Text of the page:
Heeding the lessons of the Great Depression
November 30, 2008
I was born near the end of the 1930s in eastern Oklahoma where the Dust Bowl compounded the worst economic disaster in our history.
Stories my parents told me of the hardships of the Great Depression were fresh on their minds and indelibly stamped on mine. Talk of economists that we are on the verge of another depression has given me flashbacks to the poverty I witnessed as a child.
We can only hope that what we have learned from the Great Depression will help us soften the blow this time around and that our worst fears will not be realized. There are many lessons to be learned from the Great Depression of what to do and what not to do.
Franklin D. Roosevelt took office nearly four years after the 1929 market crash. Many economists believe if effective government action had been taken earlier than 1933, the length and depth of the Great Depression would have been less. The lesson is this: Government needs to move fast and move effectively the minute a depression looms.
So far, not so good … until last week. The $700 billion bailout earlier this fall may have kept the financial markets from sliding into the abyss, but it did not free up the credit markets. Credit rates were higher and terms are harder to meet.
Mortgages, student loans, car loans, and decent credit card terms were difficult to get. Retail sales were grinding to a halt. Another bank with a large presence in the mortgage and consumer sectors, Citigroup, was about to tank.
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Consumers and small businesses account for nearly 70 percent of all economic activity in our country, and until we the people feel relief, the country will continue in economic agony. To those of us in the middle class trenches, it looks like the bailout money had been going to the big guys on Wall Street but not to us.
My spirits were lifted when the Bush administration, led by Treasury Secretary Henry Paulson, seems to have finally gotten it right. At last they understand they must do something for main street immediately instead of waiting to pass the buck to the Obama administration taking office fifty days from now.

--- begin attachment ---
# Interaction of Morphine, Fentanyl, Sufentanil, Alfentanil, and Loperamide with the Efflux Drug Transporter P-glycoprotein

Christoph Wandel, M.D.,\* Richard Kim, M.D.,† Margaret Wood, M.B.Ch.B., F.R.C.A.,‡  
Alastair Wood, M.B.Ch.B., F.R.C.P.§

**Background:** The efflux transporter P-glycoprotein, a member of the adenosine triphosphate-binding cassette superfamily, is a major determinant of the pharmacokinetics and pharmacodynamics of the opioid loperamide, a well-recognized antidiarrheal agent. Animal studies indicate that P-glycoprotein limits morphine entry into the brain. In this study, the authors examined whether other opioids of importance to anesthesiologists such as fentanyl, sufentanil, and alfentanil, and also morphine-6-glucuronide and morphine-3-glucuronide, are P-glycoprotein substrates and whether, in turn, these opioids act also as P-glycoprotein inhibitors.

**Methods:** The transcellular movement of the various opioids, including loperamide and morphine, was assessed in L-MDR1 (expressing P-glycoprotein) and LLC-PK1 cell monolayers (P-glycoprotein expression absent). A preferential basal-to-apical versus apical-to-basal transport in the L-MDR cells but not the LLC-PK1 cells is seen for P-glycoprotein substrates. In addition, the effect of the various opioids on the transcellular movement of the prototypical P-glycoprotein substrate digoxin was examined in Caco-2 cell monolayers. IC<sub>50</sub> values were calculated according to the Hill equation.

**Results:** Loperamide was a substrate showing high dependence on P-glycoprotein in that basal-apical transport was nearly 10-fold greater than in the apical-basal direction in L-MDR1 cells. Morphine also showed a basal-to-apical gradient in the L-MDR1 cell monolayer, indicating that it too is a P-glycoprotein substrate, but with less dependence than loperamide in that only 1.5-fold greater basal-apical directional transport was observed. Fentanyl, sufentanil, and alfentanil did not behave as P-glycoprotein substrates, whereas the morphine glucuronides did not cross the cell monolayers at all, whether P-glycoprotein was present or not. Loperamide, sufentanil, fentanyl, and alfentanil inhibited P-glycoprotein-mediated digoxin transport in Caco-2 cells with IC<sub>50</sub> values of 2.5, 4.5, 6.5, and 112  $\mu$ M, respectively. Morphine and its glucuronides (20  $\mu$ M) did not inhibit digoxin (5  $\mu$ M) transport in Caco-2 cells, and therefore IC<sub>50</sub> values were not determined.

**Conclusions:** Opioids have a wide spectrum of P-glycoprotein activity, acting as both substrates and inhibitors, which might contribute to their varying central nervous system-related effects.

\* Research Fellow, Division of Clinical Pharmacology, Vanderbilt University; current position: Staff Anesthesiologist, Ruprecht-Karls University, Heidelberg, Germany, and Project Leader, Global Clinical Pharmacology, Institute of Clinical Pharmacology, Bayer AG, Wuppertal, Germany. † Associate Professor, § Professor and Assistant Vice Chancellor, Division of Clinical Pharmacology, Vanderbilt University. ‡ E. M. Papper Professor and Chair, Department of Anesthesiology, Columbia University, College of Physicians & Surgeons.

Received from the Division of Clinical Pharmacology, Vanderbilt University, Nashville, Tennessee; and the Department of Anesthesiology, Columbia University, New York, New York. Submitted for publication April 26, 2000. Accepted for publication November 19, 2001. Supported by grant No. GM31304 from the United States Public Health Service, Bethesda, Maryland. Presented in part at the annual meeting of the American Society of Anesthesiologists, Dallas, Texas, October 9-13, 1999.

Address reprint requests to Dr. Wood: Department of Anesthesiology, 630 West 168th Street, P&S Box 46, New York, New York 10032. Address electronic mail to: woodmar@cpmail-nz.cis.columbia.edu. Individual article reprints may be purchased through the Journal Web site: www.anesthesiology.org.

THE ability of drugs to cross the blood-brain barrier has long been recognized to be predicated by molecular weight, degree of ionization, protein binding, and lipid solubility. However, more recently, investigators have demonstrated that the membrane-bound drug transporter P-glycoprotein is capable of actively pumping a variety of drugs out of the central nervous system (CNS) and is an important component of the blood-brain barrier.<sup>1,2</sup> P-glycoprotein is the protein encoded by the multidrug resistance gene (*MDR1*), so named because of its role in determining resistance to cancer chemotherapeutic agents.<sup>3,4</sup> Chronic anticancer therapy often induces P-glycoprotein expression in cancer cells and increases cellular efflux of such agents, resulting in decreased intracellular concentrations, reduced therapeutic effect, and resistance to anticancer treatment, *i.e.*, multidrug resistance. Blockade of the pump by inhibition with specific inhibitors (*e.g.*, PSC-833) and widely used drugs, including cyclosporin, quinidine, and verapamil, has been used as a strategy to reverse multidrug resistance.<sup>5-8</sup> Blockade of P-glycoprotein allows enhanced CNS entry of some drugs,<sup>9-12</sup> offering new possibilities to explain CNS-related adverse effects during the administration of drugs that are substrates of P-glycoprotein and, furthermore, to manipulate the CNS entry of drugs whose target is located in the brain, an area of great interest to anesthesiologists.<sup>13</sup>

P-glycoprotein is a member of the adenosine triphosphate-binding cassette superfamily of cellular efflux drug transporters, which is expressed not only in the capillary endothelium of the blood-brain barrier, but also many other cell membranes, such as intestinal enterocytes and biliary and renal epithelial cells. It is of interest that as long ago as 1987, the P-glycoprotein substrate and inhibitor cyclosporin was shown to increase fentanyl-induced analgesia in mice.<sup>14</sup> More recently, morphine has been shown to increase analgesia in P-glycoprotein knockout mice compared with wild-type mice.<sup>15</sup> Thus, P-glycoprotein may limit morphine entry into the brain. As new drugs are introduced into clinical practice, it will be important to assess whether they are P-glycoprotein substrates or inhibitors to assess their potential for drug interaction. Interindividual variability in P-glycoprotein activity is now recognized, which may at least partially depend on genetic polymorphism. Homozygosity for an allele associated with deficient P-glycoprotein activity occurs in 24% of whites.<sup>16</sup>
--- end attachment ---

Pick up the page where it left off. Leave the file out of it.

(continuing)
Prior bailouts were simply an infusion of cash to boost the capital health of the failing enterprises. No strings were attached. The Bush administration made an about face last week in the Citigroup bailout. They attached some strings and took control. The Feds will have Citigroup buy out toxic mortgages. Excessive executive perks and bonuses were history.
Paulson also directed an $800 billion federal treasury guarantee for consumer and mortgage loans so that institutions would be willing to lend to consumers and small businesses at reasonable rates and terms. Fannie Mae and Freddie Mac (already under federal control) announced a moratorium on foreclosures lasting through the holidays.
Simultaneously, Barack Obama decided to make his plans very public in order to remove uncertainty in the financial and consumer markets .He announced his economic team, composed of seasoned, respected and experienced folks, some of the best and the brightest. My contacts on Wall Street tell me they are delighted and reassured that steady hands are at the wheel.
Obama sketched out what he wanted to do on Day One: Sign legislation that would create 2 .5 million jobs by infusing $700 billion of federal money into development of green industry, prop up education and medical care, and give states and local governments the ability to improve the nation’s crumbling bridges and infrastructure.
He would continue to allocate bailout money to the financial markets. He also recognized that that the ever-growing national debt could present a problem of inflation down the road, so he plans to cut government programs that were not working or were not contributing to his priorities.
The immediate reaction from the financial markets was favorable, with more than three straight days on the plus side and historic gains. Other than easier access to credit, consumers will not see much direct benefit until Obama’s stimulus plans get implemented next year.
Much to the credit of the Bush administration, they were OK with the Obama initiatives. In fact, the Obama team set about at once working on a daily basis with Paulson and coordinating policies for the future so that, as Paulson said, the transition to the new administration “would be seamless.” Paulson seemed to bend over backwards to avoid tying the new administration’s hands.
It is uncertain how much bipartisan support there will be for Obama’s economic stimulus package. Voters in November were clear they were looking to government action to fix their problems. The national debt was a secondary concern.
If congressional Republicans are viewed as obstructionists and present no substantive alternatives to Obama’s plans other than a continuation of Bush economics, they may be digging their political graves even deeper. Republicans could learn another lesson from the Great Depression. Voters blamed the Republicans for it and credited Franklin D. Roosevelt for coming to their rescue. As a result, Democrats remained in power for the next 20 years.
There is at least some hope on the horizon that our government is on top of the crisis. For that we can be grateful to both the Bush administration and to the Obama transition team for stepping up to the plate.
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